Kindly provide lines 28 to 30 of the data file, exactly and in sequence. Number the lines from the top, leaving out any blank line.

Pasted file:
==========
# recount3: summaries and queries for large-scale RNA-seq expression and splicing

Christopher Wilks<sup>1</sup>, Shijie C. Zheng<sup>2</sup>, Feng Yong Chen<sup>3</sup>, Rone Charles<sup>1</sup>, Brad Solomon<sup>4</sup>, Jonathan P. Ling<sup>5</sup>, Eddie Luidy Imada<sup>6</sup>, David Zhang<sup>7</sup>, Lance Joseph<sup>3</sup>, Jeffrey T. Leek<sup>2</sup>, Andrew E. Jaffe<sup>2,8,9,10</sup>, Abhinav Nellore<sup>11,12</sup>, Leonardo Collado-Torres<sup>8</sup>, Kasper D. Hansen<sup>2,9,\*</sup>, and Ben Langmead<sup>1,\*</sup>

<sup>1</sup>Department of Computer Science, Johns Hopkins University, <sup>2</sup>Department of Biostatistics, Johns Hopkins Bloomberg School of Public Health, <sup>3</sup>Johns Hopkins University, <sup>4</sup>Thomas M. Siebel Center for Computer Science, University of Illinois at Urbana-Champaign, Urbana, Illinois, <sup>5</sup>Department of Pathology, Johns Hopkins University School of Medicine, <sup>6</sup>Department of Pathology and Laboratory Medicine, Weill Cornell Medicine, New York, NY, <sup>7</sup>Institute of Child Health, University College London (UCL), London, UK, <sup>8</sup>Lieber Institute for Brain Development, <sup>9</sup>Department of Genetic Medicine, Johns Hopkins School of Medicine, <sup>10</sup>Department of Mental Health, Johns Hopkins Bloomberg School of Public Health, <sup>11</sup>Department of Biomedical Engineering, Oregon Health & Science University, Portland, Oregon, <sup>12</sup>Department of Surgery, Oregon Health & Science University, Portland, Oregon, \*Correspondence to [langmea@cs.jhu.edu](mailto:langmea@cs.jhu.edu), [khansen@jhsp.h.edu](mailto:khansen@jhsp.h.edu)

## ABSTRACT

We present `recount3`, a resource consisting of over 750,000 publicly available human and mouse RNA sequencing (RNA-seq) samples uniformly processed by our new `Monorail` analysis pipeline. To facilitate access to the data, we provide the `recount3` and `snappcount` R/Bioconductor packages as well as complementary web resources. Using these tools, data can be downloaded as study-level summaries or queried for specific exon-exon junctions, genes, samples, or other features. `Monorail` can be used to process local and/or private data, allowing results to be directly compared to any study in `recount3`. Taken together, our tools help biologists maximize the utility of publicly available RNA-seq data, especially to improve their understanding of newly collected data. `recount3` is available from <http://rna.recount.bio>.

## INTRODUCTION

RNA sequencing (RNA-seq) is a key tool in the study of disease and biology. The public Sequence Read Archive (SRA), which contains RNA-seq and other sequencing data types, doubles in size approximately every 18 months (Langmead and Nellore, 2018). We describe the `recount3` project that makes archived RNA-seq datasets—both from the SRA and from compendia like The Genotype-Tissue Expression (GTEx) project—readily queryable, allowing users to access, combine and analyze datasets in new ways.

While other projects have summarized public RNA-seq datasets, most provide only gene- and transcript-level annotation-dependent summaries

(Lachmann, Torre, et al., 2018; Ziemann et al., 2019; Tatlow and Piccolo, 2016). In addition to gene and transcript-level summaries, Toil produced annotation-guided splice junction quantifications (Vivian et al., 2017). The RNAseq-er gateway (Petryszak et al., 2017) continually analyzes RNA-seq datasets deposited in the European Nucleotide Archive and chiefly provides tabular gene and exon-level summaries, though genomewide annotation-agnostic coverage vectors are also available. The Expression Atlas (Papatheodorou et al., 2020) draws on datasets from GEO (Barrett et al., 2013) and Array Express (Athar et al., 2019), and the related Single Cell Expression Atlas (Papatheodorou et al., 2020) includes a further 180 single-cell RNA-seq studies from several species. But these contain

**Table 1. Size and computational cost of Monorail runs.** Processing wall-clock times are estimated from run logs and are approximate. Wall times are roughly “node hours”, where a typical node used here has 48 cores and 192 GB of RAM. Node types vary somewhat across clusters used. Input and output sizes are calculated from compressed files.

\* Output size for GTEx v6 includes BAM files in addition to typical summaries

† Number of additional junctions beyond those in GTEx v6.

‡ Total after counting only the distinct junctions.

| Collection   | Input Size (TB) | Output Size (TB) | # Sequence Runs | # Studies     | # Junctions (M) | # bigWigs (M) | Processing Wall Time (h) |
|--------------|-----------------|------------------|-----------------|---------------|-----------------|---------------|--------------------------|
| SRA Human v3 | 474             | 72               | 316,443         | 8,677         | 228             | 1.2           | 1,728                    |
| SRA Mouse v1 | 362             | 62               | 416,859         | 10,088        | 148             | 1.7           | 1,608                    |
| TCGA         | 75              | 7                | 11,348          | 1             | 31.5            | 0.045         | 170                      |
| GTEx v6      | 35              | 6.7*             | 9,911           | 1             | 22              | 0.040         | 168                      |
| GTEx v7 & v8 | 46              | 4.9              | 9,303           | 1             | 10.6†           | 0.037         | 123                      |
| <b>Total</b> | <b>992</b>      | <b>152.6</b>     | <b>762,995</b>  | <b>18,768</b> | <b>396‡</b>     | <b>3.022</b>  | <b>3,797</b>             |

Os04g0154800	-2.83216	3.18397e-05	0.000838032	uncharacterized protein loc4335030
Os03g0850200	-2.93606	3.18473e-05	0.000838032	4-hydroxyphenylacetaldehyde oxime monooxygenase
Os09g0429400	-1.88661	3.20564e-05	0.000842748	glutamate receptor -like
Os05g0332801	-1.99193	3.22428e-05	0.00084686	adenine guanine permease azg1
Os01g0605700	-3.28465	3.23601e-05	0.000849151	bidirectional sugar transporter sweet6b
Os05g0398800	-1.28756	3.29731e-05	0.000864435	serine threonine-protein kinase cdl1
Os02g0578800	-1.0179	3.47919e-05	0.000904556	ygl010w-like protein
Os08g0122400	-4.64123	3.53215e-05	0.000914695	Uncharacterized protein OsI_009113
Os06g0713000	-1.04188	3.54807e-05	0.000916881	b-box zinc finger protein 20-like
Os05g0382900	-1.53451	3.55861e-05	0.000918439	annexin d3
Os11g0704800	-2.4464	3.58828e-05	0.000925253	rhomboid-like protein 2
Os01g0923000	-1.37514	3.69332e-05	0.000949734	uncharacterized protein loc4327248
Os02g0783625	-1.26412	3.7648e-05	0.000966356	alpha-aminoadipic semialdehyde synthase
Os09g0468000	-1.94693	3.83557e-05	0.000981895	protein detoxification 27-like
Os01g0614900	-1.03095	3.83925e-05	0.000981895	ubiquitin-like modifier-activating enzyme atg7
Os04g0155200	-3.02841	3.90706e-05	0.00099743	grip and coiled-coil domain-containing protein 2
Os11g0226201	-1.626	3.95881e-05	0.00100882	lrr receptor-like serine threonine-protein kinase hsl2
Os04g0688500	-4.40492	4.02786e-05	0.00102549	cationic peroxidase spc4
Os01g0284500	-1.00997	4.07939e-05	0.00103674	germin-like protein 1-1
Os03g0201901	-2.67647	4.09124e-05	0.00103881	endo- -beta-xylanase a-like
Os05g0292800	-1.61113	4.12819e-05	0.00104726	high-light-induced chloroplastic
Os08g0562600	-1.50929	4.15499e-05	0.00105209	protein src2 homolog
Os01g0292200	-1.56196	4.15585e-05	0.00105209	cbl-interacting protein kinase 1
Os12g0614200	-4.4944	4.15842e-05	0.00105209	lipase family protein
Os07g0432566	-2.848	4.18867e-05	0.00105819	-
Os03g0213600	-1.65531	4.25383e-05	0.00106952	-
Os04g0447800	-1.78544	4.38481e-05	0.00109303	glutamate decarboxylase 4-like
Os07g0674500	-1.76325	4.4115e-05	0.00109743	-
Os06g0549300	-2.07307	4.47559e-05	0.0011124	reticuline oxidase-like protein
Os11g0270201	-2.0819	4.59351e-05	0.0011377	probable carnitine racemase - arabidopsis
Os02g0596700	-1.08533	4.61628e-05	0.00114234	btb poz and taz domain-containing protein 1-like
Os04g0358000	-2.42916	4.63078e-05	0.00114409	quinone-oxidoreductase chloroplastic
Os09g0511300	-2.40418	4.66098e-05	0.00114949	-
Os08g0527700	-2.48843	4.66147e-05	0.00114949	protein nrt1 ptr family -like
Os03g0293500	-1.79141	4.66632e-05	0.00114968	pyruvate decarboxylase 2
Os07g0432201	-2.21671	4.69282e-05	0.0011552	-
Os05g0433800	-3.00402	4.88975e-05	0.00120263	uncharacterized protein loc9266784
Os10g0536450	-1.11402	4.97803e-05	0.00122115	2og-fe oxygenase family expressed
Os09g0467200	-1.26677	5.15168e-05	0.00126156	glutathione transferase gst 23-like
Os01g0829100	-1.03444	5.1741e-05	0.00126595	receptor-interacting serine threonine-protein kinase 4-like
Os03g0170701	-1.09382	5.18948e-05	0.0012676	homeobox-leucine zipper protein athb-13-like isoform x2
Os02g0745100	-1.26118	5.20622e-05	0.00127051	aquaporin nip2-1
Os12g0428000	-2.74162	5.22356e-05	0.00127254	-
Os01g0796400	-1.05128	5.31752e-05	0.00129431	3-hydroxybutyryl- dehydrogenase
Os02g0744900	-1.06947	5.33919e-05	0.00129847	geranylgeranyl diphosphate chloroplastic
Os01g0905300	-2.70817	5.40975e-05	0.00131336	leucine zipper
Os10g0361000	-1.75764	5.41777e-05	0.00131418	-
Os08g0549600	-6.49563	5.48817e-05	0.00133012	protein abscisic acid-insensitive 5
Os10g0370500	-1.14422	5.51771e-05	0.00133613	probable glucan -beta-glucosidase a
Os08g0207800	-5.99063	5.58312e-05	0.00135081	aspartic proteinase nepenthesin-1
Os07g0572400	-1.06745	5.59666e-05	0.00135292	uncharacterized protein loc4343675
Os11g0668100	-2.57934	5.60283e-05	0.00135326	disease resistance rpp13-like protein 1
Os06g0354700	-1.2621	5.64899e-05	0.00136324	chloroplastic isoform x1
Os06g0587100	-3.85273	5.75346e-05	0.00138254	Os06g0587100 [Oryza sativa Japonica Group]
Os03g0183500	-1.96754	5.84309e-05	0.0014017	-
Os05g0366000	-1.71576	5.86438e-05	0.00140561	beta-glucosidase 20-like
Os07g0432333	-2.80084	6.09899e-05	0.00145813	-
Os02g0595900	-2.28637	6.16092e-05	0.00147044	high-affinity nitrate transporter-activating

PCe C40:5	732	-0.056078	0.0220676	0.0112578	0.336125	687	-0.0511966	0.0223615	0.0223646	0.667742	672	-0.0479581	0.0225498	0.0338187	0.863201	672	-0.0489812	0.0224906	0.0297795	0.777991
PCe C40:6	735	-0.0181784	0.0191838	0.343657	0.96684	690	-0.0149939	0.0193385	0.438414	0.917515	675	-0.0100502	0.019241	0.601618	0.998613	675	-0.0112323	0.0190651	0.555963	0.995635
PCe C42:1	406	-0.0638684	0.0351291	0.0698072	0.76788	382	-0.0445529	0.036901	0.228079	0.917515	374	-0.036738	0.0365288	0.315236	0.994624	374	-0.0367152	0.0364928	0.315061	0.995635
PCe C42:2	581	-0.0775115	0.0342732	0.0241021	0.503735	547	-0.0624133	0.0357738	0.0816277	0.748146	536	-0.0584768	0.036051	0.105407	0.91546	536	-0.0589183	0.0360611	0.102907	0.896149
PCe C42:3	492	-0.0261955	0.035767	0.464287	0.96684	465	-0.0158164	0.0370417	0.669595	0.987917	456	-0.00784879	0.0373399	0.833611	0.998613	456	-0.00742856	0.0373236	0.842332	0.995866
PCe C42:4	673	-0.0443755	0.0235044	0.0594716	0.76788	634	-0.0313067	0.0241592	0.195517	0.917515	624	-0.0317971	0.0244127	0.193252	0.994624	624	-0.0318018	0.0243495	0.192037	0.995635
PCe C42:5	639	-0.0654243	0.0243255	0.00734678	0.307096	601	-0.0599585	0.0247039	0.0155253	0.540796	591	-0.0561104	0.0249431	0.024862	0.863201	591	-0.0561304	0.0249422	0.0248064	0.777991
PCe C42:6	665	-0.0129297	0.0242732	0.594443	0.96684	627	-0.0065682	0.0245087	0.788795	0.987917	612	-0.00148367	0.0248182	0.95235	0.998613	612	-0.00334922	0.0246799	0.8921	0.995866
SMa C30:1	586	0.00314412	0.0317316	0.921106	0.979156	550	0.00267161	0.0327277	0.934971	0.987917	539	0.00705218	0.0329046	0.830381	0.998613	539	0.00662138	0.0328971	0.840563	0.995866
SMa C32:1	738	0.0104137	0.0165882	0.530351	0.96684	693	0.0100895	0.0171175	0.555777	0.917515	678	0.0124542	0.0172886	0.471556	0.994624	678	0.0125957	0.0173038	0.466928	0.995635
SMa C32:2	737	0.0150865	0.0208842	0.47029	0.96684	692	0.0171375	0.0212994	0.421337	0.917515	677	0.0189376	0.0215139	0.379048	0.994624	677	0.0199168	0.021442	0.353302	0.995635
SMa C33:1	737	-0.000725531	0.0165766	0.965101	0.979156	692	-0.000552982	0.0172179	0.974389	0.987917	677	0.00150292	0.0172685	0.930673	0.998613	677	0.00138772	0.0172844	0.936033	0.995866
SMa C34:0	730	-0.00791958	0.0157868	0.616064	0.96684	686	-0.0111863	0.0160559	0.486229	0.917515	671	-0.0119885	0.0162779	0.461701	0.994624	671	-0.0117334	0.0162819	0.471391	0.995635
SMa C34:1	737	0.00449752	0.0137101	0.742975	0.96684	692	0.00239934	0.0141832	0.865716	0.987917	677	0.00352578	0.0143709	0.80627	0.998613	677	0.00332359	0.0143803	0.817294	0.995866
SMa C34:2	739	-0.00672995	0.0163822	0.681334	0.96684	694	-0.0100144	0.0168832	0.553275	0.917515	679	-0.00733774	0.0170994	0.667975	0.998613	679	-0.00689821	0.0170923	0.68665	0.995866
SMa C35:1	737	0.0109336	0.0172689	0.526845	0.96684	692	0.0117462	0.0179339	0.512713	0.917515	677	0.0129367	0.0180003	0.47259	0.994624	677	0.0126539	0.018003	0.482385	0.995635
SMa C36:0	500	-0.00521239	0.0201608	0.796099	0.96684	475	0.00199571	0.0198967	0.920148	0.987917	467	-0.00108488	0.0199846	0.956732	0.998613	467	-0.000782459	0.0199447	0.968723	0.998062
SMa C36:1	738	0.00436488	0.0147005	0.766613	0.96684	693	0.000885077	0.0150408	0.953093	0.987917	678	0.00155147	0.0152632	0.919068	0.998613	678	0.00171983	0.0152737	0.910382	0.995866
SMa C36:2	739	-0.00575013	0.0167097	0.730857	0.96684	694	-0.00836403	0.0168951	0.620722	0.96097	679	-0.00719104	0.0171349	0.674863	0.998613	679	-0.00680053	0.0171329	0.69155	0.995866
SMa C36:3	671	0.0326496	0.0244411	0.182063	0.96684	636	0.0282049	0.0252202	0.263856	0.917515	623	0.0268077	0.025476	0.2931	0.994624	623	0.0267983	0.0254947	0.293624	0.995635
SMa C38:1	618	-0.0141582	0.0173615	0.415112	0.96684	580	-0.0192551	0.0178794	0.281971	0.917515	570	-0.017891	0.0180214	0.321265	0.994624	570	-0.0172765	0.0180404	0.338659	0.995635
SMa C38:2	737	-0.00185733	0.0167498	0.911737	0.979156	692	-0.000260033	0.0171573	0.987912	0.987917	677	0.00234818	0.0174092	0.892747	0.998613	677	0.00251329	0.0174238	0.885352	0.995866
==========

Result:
Os02g0578800	-1.0179	3.47919e-05	0.000904556	ygl010w-like protein
Os08g0122400	-4.64123	3.53215e-05	0.000914695	Uncharacterized protein OsI_009113
Os06g0713000	-1.04188	3.54807e-05	0.000916881	b-box zinc finger protein 20-like